For those of you who still love a bit of flash, you're in luck, as the Motorola Razr Maxx joins the fleet of other Android devices that support the format, even though it's set to fade away as HTML 5 comes to the fore.
The Motorola Razr Maxx offers up a decent camera in the shape of an 8MP rear snapper, as well as a front-facing 1.3MP offering.
The rear facing camera is the main focus here, with the smaller front camera really only there for video calls and vanity checks.
There's a single LED flash located next to the lens on the rear of the phone, and thanks to the positioning at the top of the device, there's no chance of obscuring the camera when held in portrait orientation.
However, we did find our hand creeping into the corner of shots when held in landscape, which was slightly annoying as we had to change our grip to something much less natural.
Also annoyingly the app does not rotate the menus in the camera when you're holding the Motorola Razr Maxx in portrait, which is frustrating when trying to read menus sideways – something that other handsets provide without a second thought.
If you are an impulse snapper then the Motorola Razr Maxx has got you covered, with the option to open the camera app straight from the lock screen.
That said, there is a second or so delay as the camera app loads, which is then extended once the shutter is pressed, while autofocus sorts itself out.
The autofocus delay can be overcome by either a) pausing before pressing the shutter to let the auto-focus settle or b) turning off autofocus from the settings menu.
Autofocus and tap-to-focus are both present, but as mentioned it can take a little while to setting, especially is the target is moving, which can cause frustration and missed opportunities.
As with most smartphones these days, there are a number of options and settings within the camera app itself. There are seven effects, seven scenes and four modes to select from, as well as an exposure control and image quality toggle (8MP or 6MP widescreen).
You can toggle between the front and rear cameras easily from within the app – although you lose pretty much all your setting options when using the front-facing camera.
Video recording on the Motorola Rarz Maxx is also accessed via the camera app, where there is a toggle switch to swap between the two modes.
As with the camera app, the top corner placement of the lens may cause your thumb to creep into shot when holding the Motorola Razr Maxx landscape, and the menus still refuse to rotate to portrait for straight-up shooting.
But there is some good news – the Motorola Razr Maxx is able to record Full HD 1080p video and will enable you to zoom, re-focus (centrally only – you can't select a part of the screen to focus on) and mute/unmute the microphone while videoing.
The LED light can be turned on for filming in darker locations, but you will need to make sure you do this before pressing the red button, since you can't toggle it while recording.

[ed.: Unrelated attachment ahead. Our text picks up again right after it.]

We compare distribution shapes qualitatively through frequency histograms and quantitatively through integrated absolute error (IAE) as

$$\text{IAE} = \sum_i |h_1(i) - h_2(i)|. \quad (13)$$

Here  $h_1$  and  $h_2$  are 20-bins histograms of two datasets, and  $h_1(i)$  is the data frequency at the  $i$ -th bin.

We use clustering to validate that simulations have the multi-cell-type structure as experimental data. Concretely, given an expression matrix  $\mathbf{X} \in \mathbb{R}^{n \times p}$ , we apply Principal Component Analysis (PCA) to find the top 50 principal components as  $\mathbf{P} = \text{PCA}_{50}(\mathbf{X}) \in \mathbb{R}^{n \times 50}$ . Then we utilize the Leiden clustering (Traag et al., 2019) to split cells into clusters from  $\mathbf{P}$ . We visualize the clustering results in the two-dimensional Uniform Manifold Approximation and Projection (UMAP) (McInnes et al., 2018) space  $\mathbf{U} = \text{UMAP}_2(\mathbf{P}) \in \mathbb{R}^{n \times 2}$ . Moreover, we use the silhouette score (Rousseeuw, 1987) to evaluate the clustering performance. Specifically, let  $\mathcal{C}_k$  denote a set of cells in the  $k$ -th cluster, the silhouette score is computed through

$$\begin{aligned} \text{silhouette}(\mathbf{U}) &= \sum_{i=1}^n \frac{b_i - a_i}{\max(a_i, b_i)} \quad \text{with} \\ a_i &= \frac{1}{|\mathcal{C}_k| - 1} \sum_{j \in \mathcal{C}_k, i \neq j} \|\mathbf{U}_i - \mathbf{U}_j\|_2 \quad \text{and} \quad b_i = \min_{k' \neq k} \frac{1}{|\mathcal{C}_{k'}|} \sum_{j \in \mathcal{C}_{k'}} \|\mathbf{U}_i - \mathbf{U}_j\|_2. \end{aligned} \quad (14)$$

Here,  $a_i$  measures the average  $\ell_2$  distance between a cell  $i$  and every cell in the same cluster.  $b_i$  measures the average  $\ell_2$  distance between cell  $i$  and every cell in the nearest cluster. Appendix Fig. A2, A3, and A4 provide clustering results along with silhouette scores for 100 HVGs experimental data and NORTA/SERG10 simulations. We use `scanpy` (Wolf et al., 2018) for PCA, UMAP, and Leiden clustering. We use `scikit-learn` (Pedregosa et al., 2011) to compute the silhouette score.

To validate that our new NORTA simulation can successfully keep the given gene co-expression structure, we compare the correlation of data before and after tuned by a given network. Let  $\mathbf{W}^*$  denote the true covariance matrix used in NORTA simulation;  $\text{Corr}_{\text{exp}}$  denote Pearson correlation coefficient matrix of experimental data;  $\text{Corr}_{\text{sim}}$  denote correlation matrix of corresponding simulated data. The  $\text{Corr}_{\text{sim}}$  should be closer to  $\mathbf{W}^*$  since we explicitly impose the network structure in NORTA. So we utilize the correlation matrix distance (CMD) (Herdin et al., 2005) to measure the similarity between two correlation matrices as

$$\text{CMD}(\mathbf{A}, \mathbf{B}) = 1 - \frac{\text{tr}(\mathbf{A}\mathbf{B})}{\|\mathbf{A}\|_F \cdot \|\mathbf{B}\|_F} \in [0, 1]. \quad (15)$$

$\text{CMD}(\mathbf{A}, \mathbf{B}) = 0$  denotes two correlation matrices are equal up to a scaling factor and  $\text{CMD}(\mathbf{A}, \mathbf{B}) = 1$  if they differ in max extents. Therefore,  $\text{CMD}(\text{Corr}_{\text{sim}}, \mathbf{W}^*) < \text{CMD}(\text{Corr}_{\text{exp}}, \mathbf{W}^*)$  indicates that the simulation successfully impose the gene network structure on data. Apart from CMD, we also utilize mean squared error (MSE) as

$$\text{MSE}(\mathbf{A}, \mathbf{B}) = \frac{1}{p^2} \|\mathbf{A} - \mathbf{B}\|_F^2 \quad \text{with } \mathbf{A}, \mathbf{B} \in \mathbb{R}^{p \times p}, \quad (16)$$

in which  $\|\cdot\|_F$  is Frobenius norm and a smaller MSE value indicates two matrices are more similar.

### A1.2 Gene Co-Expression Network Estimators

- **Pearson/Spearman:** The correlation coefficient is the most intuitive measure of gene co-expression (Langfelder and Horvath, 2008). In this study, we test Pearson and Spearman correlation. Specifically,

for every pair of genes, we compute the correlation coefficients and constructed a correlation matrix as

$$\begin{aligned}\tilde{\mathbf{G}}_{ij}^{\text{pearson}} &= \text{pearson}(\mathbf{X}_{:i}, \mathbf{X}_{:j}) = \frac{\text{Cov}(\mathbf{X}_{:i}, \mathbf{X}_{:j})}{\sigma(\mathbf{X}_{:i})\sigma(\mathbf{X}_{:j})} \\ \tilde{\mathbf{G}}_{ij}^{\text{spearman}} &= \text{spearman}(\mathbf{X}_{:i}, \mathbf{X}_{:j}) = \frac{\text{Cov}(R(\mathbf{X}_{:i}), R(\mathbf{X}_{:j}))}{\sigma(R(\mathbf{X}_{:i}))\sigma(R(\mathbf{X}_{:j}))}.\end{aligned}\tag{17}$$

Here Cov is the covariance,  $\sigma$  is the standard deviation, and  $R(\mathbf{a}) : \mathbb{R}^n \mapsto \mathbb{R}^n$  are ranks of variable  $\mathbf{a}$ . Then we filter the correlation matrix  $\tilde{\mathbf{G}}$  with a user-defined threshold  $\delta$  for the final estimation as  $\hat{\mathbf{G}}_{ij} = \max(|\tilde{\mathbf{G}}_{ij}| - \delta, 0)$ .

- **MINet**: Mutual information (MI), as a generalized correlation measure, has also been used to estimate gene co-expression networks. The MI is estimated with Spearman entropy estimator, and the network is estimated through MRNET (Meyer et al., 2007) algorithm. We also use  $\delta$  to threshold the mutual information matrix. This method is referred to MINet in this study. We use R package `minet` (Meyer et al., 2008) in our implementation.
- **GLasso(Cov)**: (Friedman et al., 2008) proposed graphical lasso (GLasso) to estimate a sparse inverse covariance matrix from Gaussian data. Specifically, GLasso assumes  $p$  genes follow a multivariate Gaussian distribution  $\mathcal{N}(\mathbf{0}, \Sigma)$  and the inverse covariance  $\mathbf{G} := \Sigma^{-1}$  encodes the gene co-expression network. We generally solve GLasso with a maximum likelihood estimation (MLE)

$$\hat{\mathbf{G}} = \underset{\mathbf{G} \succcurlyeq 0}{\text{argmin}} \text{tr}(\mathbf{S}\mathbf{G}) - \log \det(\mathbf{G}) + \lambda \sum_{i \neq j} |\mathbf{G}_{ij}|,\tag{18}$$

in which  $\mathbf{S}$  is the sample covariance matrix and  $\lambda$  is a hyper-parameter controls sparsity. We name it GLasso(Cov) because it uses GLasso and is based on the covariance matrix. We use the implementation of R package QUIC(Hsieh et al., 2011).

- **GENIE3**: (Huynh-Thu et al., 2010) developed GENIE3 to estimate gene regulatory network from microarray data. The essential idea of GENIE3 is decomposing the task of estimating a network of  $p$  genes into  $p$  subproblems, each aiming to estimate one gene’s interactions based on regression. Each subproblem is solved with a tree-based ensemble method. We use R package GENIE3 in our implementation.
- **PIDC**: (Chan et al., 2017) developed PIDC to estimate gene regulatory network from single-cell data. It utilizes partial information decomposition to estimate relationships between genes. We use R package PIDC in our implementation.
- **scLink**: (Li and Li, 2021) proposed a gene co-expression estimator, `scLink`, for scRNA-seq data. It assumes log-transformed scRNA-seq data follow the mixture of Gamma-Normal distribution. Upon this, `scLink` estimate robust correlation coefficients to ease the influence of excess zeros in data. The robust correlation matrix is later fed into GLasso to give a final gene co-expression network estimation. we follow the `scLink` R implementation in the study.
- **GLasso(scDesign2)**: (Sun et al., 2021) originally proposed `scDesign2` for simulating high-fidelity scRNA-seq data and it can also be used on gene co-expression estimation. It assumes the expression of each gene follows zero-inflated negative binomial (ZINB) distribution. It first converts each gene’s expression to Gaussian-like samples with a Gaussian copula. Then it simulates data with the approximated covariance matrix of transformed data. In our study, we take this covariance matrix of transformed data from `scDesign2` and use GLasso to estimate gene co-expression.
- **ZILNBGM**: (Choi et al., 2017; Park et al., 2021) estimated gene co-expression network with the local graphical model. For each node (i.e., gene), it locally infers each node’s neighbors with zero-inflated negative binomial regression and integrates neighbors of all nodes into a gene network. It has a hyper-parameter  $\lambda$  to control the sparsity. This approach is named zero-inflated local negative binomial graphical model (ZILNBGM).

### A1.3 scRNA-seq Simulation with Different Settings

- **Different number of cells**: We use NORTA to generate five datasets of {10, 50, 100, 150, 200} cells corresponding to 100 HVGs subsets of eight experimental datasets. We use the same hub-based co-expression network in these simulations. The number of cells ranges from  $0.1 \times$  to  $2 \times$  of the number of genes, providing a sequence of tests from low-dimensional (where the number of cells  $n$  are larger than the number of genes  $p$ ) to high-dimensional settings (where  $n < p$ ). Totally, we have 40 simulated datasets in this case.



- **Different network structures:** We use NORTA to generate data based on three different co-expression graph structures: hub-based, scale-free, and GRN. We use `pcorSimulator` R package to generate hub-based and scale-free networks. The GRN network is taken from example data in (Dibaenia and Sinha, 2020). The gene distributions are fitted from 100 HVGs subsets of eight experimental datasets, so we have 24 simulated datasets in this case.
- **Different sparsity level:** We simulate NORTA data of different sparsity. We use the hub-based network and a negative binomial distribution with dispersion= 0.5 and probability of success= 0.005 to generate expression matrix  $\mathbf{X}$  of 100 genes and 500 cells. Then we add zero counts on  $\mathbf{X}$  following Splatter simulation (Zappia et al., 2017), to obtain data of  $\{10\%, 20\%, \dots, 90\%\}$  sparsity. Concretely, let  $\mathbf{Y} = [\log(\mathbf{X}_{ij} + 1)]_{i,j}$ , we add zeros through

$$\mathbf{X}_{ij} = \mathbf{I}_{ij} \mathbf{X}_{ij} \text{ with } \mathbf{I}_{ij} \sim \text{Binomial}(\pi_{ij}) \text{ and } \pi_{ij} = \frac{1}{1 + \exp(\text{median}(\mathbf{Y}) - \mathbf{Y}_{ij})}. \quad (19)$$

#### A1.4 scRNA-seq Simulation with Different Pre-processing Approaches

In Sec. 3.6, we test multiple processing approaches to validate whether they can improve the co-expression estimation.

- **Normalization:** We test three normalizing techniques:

The same seven effects are present here as they are in the camera app, and you also have the option of five audio scenes – Stereo, Wind Reduction, Concert, Balanced and Front-Facing.
There's also image stabilisation, exposure and video quality toggles to help you improve (or reduce) the quality of your video.
The Motorola Razr Maxx enables you to shoot video in Full HD (1080p), 720p, DVD, VGA and QVGA (320 x 240).
You can record video from the front-facing 1.3MP camera as well, but quality is significantly reduced and we don't see why you would ever need to do this.
As you can see from the video clip, the Motorola Razr Maxx does a decent job, with good colour reproduction and motion handling. There are times where the image does blur, but you can't knock it too much.
With its 4.3-inch Super AMOLED touchscreen and huge battery life, the Motorola Razr Maxx is here to deliver media direct to your retinas.
Motorola have packed 16GB of storage inside, but if that is not enough you can boost the capabilities with a microSD card of up to 32GB in size, giving you a potential storage capacity of 48GB.
There is a built-in music player app, which you can use to stream and sync tunes from your computer using the MotoCast software, as well as supporting DNLA streaming. The Motorola Razr Maxx supports the main audio file types; MP3, ACC+, WAV and WMA.
There is also internet radio available through the music app, which has a pre-loaded list of various stations, categorised by genre, so you can find something to suit your tastes.
If you love your music, you can stick a widget on a home screen which enables you to play and pause without opening the app.
Sound quality is acceptable, but we'd advise you to stay away from budget buds as they will not do your music any justice, but if you have a decent set of headphones the playback makes for easy listening.
The Motorola Razr Maxx also has a speaker if you want to blast your tunes at other people on the bus, but as with most mobile phone speakers sound quality suffers if the volume is cranked too high.
The extra large, 3,300mAh battery inside the Motorola Razr Maxx means that extended periods of listening are of no concern, as it can easily cope with hours of continuous play back and still have juice left over.
The music player is perfectly functional and simple to use, but it's not going to blow you away with amazing design or next-gen features.
In terms of video, playback is excellent, with the screen doing the Motorola Razr Maxx proud, its large display making it a delight to watch for an extended period of time.